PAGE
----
The Running Ape Returns

I see a lot of mature runners in various states of disrepair in the clinic. Not surprising because the 40 – 55 year old age group is the fastest growing when it comes to taking up running, cycling and triathlon. They are not past it… they are just starting it. And many do very well. Back in 2014 according to Strava released figures the average 40 to 49 year old age grouper finished the London marathon some 1 minute 33 secs quicker than the average 20 – 29 year old age grouper. Kudos.

One of the top selling, and most recommended, books about running is Born to Run by Christopher McDougall. At it’s heart is the authors relentless desire to discover the art of injury free running, and one of it’s main tenets is indeed that we are “born to run”. Uniquely adapted as a bi-pedal hominid to cover long distances at a canter…. sorry, jog. McDougall recruits the Harvard University evolutionary biologist Daniel Lieberman to explain to him about our hunter-gatherer heritage and how out of synch we are with our bodies inherent physicality. Lieberman says “humans are well adapted to run into late middle age”. He went on to write his own book, The Story of the Human Body. You should read it.

And here lies problem number one with mature athlete injury rates. In paragraph one I told you they are STARTING running in later middle age. That’s not the problem… the problem is that they stopped. They should definitely still start, but the longer they have stopped then the more injury risk they are taking on. However in the bigger scheme of things the starting is a much better option than continuing the stopping… if you want to live longer. What the stopping did though was interrupt your process of  “hardening”. The body “work hardens” to any repetitive physical process by specifically adapting to that processes demands… be it laying bricks, cutting hair, or running. Stop and you “soften”. In terms of running, you erode the strength base, the structural integrity, the cardio-vascular fitness and even the muscle memory/technique. The “soft” you slinks about for a couple of decades and then catches a look at itself on a holiday video on Facebook, and proceeds directly to “Couch to 5K” via a spending spree at Sports Direct. And you chose wisely because built into the “Couch to 5K” programme is a little stand alone life gift called “Strength and Flex“. Do that, and do it very well, and I probably won’t be seeing you at the clinic. Don’t do it… you’ll eventually be along. If you are a returning mature runner and just try to “re-harden” by running alone, then you are making a mistake. Fuel up the new you with some decent helpings of strength and flexibility, as well as the running, and your muscles, tendons and bones will positively adapt to the loads and forces that you are going to expose them to. That’s biology that is. Once you are back on track and back in touch with your evolutionary athletic heritage you can go one of two ways. Commit to the Hunter Gatherer that resides within, strip to your goatskin loincloth, and chase down rabbits most weekends. Or join Park Run, buy even more lycra, and a Garmin.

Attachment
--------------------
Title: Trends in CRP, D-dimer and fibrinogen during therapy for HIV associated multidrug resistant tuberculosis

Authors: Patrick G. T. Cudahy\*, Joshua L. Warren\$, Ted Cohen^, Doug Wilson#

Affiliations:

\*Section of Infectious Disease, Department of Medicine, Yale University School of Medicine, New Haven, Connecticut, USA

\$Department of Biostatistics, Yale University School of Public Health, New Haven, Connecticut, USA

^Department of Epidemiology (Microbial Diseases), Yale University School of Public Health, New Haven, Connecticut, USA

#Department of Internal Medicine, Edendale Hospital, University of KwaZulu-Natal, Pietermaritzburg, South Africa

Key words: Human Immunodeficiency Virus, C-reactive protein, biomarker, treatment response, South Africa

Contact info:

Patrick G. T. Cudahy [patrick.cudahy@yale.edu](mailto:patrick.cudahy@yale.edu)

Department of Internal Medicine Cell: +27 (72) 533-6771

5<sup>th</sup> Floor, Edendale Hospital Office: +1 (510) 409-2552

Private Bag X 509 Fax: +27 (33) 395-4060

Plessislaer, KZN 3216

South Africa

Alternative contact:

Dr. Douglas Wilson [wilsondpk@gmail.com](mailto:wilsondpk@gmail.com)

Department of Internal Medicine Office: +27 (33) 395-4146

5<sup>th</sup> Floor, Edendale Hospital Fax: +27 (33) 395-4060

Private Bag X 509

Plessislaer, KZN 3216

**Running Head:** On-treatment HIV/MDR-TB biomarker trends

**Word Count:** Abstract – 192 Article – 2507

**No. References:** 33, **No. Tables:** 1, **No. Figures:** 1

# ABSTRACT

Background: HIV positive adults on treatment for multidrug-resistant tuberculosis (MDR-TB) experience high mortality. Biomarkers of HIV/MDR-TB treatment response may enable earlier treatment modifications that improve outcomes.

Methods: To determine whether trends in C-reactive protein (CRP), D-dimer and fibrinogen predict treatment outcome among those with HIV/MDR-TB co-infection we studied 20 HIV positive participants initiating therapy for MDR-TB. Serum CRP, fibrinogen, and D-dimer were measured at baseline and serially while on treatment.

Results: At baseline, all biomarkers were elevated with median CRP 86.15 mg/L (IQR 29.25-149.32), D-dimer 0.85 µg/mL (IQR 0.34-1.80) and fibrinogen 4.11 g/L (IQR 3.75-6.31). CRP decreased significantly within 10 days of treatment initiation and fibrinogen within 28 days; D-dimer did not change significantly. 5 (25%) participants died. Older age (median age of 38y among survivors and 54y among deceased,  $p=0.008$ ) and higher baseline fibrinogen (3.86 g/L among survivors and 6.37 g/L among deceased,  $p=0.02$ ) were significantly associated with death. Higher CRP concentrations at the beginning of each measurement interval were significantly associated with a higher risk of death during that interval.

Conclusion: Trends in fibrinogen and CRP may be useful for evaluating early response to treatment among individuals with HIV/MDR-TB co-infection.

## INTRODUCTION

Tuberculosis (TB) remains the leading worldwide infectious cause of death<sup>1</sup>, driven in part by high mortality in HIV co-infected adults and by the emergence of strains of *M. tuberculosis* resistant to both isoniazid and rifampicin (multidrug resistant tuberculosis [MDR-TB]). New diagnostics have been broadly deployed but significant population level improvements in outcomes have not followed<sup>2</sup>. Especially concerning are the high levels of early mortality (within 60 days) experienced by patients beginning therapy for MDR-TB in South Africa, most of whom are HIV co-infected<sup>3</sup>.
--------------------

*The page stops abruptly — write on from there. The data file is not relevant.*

As of 2016 the C25K app has been used by over 5 million people.

Park Run started in 2004 with 13 runners in Teddington… it has grown into an international community of well over 3 million runners.

Then there’s the problem of how the mature athlete runs. The actual style, or technique if you will. If you are a bit professionally pompous like me, you will call it a Gait Pattern. With some further obsessing you will purchase a watch that has accelerometers, ANT+, GPS and GLONASS built into it, and become briefly interested in your dynamic running metrics. But generally you will just keep running the way you run. Which could be an issue, because it’s highly likely that you are trying to run like you did when you were 19 yrs old. Your individual motor programme for running was fully refined and established at that age. Basically when it came to running… you owned it. And in a way you still do. The mind still has the software, but the body no longer has the hardware. That deadly combination of motor memory and enthusiasm has you trying to propel yourself down the road like the magnificent gazelle you once was… but your more of a pit pony these days. So you are still trying to use big strides, stretch out that lead foot, hit out in front, reach. You hit the ground hard, looking for some bounce back, feeling your power, smashing the road into submission. Hard is good. You are a spring, you bully gravity as you drive up and down, you bounce. Bounce is good. You bound, you bash, and you bounce, because that’s what you use to do. It felt right back then so it must be right now. Wrong… very wrong. Get real, stay in the present. That was history. You have changed. I’ll list the differences.

1) Your collagen ratio in your tendons has shifted

2) The integrity of the protein matrix within your muscles and tendons has shifted

3) The capacity of your musculo-tendinous units to store elastic energy and produce positive force capacity has been compromised

4) You almost certainly have reduced proteoglycans, and you probably have undergone sarcopaenia

5) You want me to stop now don’t you